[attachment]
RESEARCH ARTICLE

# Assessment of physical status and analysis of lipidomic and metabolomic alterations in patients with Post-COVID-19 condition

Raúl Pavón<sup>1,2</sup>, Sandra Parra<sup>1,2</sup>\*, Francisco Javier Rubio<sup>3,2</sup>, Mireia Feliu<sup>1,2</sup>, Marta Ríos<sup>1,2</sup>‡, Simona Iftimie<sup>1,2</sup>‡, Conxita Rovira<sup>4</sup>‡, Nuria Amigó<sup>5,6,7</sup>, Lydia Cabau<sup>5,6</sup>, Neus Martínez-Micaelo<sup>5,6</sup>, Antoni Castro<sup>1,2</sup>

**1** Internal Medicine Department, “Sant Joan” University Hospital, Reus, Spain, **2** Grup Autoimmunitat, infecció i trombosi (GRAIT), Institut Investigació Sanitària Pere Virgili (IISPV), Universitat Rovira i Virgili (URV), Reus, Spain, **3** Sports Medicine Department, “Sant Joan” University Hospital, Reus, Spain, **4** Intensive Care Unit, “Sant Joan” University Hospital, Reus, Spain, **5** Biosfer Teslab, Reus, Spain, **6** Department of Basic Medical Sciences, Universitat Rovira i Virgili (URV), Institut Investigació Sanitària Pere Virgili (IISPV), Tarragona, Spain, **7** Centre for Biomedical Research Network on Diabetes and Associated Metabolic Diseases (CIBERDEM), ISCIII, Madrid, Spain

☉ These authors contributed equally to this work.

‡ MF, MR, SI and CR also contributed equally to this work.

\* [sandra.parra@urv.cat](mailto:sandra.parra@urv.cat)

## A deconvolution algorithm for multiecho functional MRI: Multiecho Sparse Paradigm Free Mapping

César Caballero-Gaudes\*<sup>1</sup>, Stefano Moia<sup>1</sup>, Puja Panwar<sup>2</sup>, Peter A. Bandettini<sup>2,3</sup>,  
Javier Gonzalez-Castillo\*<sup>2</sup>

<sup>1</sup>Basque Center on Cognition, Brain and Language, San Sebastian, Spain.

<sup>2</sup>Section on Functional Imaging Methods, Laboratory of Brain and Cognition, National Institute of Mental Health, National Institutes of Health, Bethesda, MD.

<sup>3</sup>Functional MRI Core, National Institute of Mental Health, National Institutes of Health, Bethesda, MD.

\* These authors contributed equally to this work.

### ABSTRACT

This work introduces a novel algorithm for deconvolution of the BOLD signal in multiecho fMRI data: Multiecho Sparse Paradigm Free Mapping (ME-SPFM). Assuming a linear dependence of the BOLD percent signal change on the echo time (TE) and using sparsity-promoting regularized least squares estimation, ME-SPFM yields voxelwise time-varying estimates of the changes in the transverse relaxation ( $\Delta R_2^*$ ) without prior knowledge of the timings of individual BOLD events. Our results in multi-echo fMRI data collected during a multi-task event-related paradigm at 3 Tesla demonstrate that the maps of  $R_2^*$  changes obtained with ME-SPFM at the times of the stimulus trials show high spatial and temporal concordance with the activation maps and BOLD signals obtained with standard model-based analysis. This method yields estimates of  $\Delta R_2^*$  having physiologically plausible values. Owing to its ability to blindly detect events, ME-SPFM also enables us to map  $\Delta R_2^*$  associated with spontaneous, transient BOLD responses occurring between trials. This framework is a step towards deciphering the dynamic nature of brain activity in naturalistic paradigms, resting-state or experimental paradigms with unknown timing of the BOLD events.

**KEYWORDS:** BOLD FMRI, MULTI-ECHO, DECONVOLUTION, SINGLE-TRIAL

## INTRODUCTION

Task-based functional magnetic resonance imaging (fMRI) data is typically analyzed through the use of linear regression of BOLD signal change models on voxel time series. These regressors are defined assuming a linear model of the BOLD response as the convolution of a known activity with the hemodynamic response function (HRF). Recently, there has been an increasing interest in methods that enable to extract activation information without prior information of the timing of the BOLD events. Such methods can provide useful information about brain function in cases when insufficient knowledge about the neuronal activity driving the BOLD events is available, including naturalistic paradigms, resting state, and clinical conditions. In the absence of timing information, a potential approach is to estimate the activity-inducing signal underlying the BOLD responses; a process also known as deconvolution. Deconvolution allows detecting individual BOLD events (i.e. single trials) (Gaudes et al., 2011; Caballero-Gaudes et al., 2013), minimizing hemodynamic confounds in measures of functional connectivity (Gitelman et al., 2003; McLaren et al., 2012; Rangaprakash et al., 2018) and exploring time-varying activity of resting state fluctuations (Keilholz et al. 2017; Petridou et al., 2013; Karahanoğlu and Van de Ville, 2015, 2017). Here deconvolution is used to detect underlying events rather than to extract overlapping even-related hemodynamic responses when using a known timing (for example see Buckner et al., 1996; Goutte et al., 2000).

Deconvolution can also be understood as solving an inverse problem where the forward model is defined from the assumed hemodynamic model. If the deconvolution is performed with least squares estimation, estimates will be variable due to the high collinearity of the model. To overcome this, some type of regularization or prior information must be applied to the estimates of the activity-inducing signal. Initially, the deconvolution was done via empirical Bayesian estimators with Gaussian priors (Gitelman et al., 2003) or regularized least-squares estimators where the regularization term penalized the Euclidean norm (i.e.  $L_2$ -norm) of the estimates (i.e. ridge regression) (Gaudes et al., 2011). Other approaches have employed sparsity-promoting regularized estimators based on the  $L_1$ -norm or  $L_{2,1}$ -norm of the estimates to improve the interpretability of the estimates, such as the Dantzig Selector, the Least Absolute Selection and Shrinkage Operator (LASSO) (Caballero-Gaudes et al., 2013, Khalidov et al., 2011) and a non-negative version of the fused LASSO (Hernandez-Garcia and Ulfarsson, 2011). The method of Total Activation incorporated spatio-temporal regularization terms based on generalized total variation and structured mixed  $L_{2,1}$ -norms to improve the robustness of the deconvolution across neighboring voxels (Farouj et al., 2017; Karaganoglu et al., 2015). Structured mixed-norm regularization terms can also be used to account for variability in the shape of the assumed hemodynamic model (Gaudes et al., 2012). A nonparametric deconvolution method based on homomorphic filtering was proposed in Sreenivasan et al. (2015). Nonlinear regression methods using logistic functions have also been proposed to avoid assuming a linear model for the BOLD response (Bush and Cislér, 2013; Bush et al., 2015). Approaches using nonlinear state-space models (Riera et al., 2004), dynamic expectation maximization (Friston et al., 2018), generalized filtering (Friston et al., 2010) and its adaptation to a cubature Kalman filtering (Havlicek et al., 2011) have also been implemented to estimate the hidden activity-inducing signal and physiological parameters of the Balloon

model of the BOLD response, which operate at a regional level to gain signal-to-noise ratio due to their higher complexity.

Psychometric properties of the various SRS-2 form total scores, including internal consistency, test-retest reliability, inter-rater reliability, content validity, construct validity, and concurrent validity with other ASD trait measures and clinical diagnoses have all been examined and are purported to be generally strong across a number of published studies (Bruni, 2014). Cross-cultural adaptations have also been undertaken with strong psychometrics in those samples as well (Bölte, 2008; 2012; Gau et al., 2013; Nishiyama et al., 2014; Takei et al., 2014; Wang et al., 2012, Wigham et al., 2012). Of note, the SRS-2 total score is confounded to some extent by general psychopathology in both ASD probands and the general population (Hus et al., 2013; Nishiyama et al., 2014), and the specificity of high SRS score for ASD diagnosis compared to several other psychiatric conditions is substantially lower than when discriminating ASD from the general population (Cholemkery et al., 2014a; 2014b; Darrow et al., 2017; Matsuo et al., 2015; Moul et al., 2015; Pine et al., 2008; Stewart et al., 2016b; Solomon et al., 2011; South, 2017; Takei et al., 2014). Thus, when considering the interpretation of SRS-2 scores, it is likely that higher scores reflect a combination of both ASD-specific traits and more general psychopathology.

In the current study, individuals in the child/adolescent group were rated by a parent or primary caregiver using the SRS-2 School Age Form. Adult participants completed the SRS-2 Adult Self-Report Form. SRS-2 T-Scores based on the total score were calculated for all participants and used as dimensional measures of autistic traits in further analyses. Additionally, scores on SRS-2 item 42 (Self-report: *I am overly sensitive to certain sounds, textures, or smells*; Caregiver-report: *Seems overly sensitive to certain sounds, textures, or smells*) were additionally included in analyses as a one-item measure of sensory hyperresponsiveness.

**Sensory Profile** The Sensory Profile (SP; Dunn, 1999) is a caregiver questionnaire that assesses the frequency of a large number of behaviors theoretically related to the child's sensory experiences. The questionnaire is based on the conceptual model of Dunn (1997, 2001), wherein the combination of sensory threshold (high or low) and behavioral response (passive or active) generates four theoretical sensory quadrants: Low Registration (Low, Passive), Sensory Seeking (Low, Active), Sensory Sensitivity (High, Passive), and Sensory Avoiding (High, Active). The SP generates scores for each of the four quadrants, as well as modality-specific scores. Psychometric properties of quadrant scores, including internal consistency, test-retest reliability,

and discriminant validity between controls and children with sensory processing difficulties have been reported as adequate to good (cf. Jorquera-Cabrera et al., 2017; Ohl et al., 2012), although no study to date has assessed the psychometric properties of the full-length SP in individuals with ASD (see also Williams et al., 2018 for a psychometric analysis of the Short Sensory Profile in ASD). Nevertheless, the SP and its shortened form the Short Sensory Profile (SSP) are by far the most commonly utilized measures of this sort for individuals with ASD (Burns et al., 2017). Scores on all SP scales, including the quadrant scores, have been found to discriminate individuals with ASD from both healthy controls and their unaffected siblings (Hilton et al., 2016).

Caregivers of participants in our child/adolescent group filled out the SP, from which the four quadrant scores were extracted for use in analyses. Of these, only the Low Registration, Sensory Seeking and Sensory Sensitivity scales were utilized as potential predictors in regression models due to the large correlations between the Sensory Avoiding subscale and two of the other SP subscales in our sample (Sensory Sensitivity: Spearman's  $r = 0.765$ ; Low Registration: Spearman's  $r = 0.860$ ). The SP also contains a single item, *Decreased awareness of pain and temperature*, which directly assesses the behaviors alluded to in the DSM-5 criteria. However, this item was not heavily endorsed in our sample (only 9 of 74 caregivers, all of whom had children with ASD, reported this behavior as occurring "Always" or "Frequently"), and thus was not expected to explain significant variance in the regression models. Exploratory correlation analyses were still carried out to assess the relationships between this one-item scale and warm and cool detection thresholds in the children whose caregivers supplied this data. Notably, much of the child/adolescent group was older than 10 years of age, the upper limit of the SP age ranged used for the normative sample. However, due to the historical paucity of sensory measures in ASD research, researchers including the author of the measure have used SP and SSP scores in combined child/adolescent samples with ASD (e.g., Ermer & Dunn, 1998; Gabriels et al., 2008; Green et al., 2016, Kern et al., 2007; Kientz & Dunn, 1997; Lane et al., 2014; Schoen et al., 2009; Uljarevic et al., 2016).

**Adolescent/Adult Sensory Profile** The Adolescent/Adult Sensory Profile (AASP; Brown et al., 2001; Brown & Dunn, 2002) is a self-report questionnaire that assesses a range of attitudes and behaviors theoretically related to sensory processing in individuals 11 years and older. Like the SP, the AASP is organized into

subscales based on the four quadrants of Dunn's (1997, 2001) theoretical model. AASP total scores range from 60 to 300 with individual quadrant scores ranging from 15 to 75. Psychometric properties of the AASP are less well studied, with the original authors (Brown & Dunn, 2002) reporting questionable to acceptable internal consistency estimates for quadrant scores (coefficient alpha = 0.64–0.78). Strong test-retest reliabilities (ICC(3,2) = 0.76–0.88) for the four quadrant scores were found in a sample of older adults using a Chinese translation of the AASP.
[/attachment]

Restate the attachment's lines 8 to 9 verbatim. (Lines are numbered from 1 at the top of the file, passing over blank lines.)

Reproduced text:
## A deconvolution algorithm for multiecho functional MRI: Multiecho Sparse Paradigm Free Mapping

César Caballero-Gaudes\*<sup>1</sup>, Stefano Moia<sup>1</sup>, Puja Panwar<sup>2</sup>, Peter A. Bandettini<sup>2,3</sup>,  